“Rather than just saying we’re immediately going back to the ban on [genetically engineered] crops and neonicotinoids on wildlife refuges, I think [the Biden administration] should take a very hard look at refuge agriculture and at the very least say that all agriculture on national wildlife refuges should be organic,” said Lori Ann Burd, senior attorney and environmental health program director at the Center for Biological Diversity, an environmental group that advocates for the protection of endangered species.

Proponents of the bans, as well as farmers whose crops have been damaged by pesticide drift, are also looking to the Biden administration to cancel registration proceedings for dicamba and chlorpyrifos.

Biden’s EPA will likely face little opposition if it chooses to ban chlorpyrifos. The largest producer of the pesticide already phased out its production after years of declining demand. With dicamba, however, it may face pushback from commodity producers who call the herbicide their last resort against resistant weeds. 

Logging on

The rules, in 10 words: Open sacred Native American land to ranching, mining, and logging.

Projected impact: In shrinking Bears Ears, a national monument in Utah established by President Obama, by over a million acres, President Trump endangered the ability of the Navajo Nation and four other Native American tribes to gather piñon pine nuts, plants, and other herbs they have used for millennia. Similarly, by opening 9 million acres in Alaska’s Tongass National Forest to logging, Trump threatened the long-term future of North America’s largest carbon sink—and the variety of berries, medicines, mushrooms, and fish that five tribal nations still rely on.

The National Cattlemen’s Beef Association, a trade association representing cattle ranchers and beef companies; uranium miners; old-growth loggers; Republican elected officials.

Haters: Environmentalists; 10 Native American tribes and nations, including the Navajo, Ute, Hopi, Tlingit and Haida.

Current status: Effective as of February 2018 for Bears Ears, and October 29, 2020 for Tongass. 

Likelihood of a Biden rollback: Very likely. President-elect Biden has been clear about his intentions to support Native Americans in their food sovereignty efforts. According to the Biden-Harris Plan for Tribal Nations published on Biden’s website, on his first day in office, future-President Biden will issue an executive order to conserve 30 percent of American land and waters, part of an effort to “reverse the Trump administration’s assaults on America’s natural treasures.” He specifically named Bears Ears as part of that effort.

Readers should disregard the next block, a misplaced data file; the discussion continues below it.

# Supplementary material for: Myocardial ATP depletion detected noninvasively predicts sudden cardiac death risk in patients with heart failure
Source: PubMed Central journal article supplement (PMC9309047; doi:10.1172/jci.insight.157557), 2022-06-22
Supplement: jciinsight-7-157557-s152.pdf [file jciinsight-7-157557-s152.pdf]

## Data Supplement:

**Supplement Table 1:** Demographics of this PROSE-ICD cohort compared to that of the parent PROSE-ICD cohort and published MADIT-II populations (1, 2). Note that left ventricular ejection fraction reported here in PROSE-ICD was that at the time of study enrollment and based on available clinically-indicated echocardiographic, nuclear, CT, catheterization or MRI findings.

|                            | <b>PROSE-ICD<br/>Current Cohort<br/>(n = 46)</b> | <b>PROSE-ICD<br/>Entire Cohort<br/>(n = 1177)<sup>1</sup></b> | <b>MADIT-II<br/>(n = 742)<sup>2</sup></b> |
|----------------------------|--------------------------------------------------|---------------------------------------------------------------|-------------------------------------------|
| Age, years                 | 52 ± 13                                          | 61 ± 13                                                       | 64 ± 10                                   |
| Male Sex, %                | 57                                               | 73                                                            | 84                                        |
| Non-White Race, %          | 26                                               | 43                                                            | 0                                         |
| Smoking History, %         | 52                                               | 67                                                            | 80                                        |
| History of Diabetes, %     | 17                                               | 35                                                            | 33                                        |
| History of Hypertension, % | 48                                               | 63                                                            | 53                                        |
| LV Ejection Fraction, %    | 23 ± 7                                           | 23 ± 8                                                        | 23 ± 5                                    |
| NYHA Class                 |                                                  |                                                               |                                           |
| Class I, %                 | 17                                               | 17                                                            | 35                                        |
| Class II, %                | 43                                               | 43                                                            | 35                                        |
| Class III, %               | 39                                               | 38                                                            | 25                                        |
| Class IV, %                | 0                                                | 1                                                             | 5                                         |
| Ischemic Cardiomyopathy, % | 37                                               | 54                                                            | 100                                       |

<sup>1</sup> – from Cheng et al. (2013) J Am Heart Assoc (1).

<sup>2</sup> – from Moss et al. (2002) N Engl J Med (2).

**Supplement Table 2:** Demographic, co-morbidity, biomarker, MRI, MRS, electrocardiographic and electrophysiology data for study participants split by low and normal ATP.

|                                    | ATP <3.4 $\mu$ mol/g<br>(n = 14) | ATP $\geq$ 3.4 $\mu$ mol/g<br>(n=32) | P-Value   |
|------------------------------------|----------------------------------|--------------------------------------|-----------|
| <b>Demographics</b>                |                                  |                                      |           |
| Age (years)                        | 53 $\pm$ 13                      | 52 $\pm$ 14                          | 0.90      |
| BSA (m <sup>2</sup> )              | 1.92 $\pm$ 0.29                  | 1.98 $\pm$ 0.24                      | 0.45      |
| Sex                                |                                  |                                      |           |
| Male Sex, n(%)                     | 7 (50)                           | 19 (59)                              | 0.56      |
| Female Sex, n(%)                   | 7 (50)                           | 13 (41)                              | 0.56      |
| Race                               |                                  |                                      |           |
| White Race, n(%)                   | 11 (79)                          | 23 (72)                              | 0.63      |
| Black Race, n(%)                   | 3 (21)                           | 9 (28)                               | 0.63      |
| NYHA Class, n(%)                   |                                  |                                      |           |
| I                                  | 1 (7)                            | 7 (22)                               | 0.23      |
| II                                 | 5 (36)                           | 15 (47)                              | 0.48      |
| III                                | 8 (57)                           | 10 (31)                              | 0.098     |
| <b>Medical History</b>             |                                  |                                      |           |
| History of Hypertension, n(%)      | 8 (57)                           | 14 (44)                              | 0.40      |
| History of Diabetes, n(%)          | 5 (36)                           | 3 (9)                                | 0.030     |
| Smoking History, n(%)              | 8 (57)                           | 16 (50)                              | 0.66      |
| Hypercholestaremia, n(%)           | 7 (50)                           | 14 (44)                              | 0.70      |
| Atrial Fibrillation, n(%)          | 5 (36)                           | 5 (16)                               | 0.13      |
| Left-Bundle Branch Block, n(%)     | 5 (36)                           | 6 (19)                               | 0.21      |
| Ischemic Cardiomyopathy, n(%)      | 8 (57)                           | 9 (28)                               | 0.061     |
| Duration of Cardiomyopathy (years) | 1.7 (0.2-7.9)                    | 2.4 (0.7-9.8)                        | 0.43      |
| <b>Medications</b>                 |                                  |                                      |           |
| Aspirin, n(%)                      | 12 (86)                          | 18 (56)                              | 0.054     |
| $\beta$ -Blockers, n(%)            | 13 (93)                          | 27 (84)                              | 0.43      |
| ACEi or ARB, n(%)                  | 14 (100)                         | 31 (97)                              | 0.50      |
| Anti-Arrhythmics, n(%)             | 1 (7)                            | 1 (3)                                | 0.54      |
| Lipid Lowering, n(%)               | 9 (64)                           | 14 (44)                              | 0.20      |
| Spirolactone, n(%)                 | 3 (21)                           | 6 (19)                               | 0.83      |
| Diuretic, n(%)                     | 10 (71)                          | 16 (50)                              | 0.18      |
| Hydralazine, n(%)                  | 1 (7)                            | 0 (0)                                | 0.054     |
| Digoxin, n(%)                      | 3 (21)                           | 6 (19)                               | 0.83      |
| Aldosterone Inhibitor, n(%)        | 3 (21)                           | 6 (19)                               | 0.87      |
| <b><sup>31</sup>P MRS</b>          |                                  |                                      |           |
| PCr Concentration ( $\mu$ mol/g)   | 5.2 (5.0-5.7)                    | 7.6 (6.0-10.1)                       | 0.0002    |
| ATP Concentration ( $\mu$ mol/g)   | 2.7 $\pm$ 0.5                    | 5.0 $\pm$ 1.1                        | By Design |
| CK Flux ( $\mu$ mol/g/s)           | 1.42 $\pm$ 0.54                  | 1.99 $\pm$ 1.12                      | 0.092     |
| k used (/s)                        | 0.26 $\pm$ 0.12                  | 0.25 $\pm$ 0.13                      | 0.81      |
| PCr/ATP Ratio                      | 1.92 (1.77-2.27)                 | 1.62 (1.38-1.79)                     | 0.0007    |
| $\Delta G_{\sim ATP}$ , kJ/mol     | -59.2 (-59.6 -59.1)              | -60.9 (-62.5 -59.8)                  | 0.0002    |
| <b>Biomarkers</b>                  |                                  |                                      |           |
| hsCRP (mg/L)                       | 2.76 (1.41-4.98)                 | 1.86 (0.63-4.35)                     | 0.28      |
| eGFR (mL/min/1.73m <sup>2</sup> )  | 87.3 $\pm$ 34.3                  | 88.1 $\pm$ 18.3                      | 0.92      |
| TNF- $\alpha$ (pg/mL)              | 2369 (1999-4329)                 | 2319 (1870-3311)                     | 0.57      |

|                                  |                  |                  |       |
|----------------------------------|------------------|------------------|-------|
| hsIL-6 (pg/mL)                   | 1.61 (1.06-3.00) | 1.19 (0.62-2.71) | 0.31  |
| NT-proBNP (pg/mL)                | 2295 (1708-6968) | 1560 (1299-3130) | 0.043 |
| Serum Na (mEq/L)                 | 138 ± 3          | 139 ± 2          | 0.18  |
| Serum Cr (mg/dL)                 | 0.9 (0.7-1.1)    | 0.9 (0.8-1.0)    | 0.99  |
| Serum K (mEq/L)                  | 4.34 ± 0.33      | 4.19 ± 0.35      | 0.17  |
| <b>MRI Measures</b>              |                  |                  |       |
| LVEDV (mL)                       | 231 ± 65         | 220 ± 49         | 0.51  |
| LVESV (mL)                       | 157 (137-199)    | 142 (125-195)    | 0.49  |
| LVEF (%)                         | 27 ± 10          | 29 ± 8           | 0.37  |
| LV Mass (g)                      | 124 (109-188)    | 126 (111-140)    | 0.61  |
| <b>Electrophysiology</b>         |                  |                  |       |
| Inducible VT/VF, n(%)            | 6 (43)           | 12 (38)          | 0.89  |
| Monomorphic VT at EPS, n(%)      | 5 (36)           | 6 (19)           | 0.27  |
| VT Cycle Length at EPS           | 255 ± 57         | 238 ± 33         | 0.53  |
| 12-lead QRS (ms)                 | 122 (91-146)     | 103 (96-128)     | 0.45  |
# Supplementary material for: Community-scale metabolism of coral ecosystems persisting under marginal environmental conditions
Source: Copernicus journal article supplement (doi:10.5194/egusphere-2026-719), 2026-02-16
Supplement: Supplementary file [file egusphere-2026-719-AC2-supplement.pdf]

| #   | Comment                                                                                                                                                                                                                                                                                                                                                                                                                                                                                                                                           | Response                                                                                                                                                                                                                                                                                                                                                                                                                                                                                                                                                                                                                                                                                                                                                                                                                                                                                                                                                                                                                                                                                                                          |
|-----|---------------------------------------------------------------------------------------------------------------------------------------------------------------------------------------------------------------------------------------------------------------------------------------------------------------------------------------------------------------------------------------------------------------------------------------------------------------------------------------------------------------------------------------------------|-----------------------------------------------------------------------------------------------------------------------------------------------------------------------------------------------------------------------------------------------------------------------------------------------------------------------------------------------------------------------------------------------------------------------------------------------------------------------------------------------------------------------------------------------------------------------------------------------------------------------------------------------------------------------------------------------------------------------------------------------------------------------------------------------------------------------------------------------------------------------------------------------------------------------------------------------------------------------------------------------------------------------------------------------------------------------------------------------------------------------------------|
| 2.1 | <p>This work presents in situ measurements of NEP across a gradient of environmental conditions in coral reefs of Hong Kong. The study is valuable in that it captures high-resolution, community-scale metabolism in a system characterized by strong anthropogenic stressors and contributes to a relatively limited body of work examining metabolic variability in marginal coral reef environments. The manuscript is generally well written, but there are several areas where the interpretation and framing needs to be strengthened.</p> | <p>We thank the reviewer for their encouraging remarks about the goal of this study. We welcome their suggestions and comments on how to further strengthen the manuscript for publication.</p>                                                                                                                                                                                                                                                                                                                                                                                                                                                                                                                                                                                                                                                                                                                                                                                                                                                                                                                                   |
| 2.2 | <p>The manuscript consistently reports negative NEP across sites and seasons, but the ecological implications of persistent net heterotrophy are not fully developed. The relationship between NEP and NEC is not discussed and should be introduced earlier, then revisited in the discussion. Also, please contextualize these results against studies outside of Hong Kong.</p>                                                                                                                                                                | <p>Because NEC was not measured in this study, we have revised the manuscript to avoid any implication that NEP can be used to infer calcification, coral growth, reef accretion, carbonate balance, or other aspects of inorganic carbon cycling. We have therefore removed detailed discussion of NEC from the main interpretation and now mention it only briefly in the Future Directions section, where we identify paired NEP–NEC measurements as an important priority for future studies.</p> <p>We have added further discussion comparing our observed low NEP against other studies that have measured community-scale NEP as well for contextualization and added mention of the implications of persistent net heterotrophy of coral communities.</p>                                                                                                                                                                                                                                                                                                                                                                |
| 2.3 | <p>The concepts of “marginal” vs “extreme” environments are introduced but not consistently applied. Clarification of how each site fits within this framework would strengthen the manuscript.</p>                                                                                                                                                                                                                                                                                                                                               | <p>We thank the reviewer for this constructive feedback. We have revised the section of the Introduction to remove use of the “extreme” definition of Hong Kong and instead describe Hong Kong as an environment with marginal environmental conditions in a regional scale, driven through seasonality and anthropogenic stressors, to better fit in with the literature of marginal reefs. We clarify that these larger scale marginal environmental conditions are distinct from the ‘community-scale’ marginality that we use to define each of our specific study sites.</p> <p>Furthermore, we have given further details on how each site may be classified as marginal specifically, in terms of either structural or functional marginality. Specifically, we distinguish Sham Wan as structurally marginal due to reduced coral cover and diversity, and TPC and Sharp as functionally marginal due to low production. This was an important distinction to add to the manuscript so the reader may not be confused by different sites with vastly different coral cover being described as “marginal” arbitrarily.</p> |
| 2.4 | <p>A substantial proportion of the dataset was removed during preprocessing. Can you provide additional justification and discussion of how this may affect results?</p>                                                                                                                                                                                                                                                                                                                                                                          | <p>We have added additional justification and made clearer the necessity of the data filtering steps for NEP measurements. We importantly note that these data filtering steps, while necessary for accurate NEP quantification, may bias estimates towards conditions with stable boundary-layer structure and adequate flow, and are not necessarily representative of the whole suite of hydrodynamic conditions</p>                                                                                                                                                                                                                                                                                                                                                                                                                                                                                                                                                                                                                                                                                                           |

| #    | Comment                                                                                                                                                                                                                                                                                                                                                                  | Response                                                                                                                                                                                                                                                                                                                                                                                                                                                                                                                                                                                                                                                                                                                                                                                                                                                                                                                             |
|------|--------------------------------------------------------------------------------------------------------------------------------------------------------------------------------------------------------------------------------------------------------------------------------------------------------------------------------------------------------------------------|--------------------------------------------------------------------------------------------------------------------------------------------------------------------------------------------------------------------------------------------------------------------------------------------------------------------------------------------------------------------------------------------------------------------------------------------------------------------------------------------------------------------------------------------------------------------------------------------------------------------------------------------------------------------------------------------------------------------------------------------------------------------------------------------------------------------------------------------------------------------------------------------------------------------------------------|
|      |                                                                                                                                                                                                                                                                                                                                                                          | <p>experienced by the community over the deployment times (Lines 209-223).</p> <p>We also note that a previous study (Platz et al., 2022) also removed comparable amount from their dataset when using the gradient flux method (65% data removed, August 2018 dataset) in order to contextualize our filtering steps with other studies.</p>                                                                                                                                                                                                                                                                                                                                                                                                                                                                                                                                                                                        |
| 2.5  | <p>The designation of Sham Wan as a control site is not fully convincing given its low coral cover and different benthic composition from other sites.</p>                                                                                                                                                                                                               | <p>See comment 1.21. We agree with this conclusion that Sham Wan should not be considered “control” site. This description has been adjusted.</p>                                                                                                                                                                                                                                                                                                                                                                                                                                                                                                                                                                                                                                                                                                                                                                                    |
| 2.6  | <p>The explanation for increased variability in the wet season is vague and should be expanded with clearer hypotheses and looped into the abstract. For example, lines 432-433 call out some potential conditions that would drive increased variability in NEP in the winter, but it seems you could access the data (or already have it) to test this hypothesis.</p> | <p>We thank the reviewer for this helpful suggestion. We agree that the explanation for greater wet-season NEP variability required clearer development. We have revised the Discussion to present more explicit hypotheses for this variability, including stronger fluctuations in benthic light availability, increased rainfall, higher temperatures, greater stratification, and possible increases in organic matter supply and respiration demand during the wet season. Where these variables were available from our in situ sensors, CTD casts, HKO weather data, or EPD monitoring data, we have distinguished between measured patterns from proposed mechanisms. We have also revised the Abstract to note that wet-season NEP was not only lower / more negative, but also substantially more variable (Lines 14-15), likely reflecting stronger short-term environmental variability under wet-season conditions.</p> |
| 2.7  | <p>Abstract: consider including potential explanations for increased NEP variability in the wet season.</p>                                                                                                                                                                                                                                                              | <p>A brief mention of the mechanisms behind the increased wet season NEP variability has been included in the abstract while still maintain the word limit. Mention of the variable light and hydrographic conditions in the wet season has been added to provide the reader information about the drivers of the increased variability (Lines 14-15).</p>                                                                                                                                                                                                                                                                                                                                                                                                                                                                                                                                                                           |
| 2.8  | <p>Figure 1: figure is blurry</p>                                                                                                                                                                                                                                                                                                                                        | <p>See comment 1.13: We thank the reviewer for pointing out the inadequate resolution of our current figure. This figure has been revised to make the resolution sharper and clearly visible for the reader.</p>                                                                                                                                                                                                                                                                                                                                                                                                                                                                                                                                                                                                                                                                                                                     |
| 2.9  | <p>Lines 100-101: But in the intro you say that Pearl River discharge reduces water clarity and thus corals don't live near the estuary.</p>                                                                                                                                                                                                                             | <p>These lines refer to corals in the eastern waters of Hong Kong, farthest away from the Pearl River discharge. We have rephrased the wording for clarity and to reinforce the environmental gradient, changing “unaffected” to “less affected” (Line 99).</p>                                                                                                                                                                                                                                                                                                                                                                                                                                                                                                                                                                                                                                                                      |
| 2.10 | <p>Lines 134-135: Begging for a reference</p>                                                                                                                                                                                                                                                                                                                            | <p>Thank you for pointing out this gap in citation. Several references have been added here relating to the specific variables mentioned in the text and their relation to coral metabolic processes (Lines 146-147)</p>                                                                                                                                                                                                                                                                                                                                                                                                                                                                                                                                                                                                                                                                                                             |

Restoring protections to the Tongass, however, can’t be done through the stroke of a pen, but instead through regulations, which some Alaskan politicians are already bracing for. Scarlett, the former deputy interior secretary, says that won’t happen immediately. “Trump unraveled well over 100 regulations, and took other actions, to modify environmental protections,” she said. “The new administration will have to do some prioritizing.”

H. Claire Brown is a senior staff writer for The Counter. Her work has also appeared in The Atlantic, The Guardian, and The Intercept and has won awards from the Society for Advancing Business Editing and Writing, the New York Press Club, the Newswomen's Club of New York, and others. A North Carolina native, she now lives in Brooklyn.

Jessica Fu is a staff writer for The Counter. She previously worked for The Stranger, Seattle's alt-weekly newspaper. Her reporting has won awards from the Association of Food Journalists and the Newswomen’s Club of New York.

Sam Bloch is a contributing writer for The Counter, where he covers business, environment and culture. He has also written for The New York Times, L.A. Weekly, Places Journal, Art in America and other publications, and is currently working on his first book, a work of narrative nonfiction about shade, for Random House.